The German airline Lufthansa has ceased its domestic trials of biofuel – but not because the trial failed. On the contrary, 1,471 tons of CO2 have been saved on over a thousand domestic flights between Frankfurt and Hamburg. Lufthansa is capping off its trial run with a transatlantic biofuel powered flight.
Burning the Biosynthetic Kerosene
The flight in question is a Boeing 747-400, from Frankfurt to Washington DC, and carrying 40 tons of a biosynthetic fuel mix. The expected CO2 emissions reduction compared to standard fuel is 38 tons. The international flight is the final step of Lufthansa’s test run, which used a 50/50 mix of standard fuel and biosynthetic kerosene.
The trial ran from July to December of last year, using a total of 1,566 tons of the biokerosene mix to save 1,471 tons of CO2, and has been declared a success. Not only were carbon emissions reduced, but the higher density of the biofuels also reduced fuel consumption during flights.
Joachim Buse, vice president of aviation biofuel at Lufthansa, as reported by Business Green, spoke briefly about ending the trial:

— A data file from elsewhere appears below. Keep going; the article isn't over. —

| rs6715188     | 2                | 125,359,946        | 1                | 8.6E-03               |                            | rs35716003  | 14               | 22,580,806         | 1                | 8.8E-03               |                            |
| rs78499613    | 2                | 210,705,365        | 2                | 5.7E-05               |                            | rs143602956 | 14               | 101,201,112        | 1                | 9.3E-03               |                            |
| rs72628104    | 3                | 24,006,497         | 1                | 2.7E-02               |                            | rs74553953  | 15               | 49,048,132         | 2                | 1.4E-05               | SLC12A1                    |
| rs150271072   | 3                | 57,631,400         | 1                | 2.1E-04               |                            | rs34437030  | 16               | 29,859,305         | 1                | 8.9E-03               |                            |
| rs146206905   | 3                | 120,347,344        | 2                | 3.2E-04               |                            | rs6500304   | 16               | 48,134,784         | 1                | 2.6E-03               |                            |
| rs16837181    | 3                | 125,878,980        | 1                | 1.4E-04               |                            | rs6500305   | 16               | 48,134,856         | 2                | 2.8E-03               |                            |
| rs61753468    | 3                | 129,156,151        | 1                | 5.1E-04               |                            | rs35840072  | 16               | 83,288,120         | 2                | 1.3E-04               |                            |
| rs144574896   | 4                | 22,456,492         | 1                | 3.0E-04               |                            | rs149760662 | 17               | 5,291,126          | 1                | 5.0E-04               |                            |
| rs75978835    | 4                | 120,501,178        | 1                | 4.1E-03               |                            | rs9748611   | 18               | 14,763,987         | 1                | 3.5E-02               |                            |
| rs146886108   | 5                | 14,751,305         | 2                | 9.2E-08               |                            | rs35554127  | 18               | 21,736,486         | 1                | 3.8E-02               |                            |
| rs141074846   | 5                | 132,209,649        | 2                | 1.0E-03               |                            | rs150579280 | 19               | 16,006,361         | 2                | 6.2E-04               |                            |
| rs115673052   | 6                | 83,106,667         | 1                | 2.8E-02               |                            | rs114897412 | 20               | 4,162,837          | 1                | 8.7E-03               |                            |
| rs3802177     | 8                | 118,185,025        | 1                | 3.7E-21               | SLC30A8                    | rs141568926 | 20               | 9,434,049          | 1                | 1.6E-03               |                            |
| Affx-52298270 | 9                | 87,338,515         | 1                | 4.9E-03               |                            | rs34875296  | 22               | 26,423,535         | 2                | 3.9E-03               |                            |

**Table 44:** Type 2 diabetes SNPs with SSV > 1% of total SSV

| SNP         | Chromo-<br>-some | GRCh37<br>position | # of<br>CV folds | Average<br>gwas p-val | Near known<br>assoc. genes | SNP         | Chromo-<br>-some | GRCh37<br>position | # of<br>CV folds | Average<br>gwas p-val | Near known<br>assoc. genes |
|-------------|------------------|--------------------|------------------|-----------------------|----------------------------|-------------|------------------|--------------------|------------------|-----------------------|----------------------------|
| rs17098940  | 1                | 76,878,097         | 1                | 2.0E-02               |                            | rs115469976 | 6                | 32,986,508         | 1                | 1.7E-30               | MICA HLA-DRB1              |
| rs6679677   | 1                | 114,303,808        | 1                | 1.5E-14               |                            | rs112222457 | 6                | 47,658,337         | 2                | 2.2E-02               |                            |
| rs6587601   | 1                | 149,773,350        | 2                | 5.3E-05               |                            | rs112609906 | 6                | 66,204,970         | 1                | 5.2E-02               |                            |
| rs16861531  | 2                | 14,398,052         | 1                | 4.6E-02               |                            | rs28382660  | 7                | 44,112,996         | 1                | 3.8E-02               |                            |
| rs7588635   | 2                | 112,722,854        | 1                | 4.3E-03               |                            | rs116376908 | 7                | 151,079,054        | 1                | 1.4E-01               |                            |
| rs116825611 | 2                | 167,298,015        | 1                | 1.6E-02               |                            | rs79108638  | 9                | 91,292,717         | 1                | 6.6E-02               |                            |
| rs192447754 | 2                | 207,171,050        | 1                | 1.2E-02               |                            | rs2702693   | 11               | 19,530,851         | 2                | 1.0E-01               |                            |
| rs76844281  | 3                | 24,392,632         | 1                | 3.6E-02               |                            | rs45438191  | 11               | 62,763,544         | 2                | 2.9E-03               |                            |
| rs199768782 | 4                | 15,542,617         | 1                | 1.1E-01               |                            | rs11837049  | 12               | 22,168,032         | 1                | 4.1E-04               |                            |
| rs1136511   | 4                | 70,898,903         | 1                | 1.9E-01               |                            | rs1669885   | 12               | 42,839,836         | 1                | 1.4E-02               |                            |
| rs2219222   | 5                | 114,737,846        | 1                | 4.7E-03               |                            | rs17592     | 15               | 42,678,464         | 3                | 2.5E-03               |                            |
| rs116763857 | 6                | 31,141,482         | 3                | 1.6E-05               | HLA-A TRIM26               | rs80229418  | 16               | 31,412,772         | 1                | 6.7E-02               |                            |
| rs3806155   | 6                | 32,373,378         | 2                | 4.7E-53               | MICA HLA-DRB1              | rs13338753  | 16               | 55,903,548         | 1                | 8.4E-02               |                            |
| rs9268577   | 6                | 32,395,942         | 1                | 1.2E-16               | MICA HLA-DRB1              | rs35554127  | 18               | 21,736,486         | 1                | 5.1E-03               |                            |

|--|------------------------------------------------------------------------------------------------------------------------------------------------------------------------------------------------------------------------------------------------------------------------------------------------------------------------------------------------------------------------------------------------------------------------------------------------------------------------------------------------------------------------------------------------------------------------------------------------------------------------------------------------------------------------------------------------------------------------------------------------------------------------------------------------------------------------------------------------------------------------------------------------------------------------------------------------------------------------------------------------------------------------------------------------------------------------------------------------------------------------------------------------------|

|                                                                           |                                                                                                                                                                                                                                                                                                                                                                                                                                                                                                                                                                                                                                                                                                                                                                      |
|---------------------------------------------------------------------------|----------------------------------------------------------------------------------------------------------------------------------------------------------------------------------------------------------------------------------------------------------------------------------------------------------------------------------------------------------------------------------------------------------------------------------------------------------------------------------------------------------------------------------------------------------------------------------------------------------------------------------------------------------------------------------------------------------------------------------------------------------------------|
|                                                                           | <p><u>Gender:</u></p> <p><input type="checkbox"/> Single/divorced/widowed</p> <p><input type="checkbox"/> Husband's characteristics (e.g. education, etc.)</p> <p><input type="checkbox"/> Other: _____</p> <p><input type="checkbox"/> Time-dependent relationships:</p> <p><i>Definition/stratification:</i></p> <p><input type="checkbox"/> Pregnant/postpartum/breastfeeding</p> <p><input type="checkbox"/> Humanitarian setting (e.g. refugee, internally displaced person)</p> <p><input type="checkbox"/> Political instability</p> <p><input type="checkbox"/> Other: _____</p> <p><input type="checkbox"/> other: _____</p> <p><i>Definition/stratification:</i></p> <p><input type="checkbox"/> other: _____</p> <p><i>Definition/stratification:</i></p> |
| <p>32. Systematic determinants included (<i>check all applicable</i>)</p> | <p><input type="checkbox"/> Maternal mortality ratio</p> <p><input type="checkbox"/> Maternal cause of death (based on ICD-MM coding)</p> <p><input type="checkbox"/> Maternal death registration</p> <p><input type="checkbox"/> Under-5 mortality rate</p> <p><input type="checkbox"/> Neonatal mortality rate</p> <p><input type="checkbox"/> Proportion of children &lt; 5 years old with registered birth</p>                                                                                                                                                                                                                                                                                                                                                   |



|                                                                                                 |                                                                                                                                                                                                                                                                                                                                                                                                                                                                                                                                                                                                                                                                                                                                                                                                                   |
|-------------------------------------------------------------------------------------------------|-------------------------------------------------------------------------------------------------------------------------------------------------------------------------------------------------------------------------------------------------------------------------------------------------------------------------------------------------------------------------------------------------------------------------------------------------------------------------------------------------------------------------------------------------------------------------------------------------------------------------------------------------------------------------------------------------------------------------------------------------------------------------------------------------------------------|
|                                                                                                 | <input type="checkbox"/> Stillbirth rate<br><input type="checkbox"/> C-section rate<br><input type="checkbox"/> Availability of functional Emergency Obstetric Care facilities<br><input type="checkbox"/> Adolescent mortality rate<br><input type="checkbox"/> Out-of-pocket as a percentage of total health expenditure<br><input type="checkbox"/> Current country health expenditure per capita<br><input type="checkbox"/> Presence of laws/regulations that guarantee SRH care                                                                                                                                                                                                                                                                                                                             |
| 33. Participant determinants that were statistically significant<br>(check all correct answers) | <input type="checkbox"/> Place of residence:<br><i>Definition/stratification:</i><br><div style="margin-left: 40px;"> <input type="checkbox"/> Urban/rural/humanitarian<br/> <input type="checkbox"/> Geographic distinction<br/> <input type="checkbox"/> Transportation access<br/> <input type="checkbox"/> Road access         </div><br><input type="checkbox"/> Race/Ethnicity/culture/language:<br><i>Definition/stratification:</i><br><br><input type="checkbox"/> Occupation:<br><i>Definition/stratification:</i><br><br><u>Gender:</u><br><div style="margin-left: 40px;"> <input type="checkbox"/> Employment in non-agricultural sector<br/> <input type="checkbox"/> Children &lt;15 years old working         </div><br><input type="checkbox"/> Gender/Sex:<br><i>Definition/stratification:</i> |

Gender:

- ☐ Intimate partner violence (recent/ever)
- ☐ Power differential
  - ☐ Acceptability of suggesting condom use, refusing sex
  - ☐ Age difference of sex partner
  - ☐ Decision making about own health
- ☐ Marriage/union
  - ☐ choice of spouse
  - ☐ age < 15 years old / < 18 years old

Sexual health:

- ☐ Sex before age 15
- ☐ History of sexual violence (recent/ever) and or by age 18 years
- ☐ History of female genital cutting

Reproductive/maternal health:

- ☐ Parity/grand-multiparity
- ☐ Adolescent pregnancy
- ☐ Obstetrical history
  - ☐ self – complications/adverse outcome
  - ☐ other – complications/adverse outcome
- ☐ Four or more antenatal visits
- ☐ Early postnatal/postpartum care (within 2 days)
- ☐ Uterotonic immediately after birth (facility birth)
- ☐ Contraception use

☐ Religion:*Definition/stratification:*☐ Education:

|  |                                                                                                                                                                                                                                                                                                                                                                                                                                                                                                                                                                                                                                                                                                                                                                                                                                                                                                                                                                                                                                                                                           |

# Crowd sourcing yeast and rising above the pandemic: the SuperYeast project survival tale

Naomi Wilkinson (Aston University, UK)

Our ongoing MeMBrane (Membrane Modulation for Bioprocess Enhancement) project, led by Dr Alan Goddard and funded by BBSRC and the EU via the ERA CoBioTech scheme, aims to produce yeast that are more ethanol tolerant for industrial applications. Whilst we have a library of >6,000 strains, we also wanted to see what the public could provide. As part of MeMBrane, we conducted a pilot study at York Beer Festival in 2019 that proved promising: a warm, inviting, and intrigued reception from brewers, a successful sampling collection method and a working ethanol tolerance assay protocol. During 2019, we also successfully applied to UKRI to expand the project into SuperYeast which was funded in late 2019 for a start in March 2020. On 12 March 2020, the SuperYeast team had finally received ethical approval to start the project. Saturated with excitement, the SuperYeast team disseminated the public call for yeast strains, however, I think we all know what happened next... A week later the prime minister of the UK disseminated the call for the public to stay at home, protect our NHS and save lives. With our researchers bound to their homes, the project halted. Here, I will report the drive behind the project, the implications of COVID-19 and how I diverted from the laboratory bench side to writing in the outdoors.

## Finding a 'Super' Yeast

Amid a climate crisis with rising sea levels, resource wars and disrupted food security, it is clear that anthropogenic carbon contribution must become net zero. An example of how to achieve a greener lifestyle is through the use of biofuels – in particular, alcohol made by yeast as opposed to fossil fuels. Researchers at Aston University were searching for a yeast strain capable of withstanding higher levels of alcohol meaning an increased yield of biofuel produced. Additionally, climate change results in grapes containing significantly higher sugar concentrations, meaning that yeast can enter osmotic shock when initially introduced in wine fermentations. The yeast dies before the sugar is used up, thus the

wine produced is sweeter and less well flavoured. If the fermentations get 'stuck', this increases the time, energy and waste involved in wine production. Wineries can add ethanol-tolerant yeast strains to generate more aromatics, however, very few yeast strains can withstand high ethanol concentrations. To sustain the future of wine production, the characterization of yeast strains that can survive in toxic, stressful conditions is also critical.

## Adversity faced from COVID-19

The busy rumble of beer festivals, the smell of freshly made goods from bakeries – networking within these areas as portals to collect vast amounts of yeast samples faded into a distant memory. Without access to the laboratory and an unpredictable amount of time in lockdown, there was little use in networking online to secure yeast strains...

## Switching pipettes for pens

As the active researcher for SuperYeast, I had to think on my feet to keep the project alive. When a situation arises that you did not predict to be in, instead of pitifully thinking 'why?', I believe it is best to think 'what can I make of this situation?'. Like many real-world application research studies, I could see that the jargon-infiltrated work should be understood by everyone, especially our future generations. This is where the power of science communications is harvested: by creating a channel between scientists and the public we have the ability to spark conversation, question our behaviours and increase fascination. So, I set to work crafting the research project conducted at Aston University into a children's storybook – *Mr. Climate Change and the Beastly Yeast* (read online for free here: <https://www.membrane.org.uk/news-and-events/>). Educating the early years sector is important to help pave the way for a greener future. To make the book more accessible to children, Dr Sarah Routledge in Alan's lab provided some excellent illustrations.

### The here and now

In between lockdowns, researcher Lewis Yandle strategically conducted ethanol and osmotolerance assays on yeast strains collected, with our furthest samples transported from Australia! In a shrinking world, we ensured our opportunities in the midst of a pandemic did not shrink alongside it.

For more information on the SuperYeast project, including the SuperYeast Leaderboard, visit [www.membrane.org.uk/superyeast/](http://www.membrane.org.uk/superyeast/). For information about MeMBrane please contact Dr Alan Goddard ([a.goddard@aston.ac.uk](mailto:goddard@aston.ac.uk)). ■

“Our burnFAIR project went off smoothly and to our fullest satisfaction. As expected, biofuel proved its worth in daily flight operations.”
It Was Great, But No Thanks
With such positive results, one might think that Lufthansa would be switching all their flights to the biofuel mix, but that would be totally wrong. While the biofuel itself performed admirably, the problem once again comes back to sustainability.
The biofuels available to today’s consumers and companies are neither sustainable nor, apparently, affordable. As reported by Business Green, Buse also noted that despite the need for emissions reduction, Lufthansa will not be using alternative fuels until they can get one that’s more sustainable:
“As a next step, we will focus on the suitability, availability, sustainability and certification of raw materials. However, Lufthansa will only continue the practical trial if we are able to secure the volume of sustainable, certified raw materials required in order to maintain routine operations.”
Food, Fuel, and the Ongoing Debate
It all comes back to the question of how to cheaply and safely produce biofuels without growing energy crops on land slated for producing food. One solution suggested by the transportation industry is to supplement standard fuel with biofuel rather than replace it (which is a wishy-washy sort of compromise). Another is to develop biofuel that doesn’t impinge on food production (so much easier said than done).
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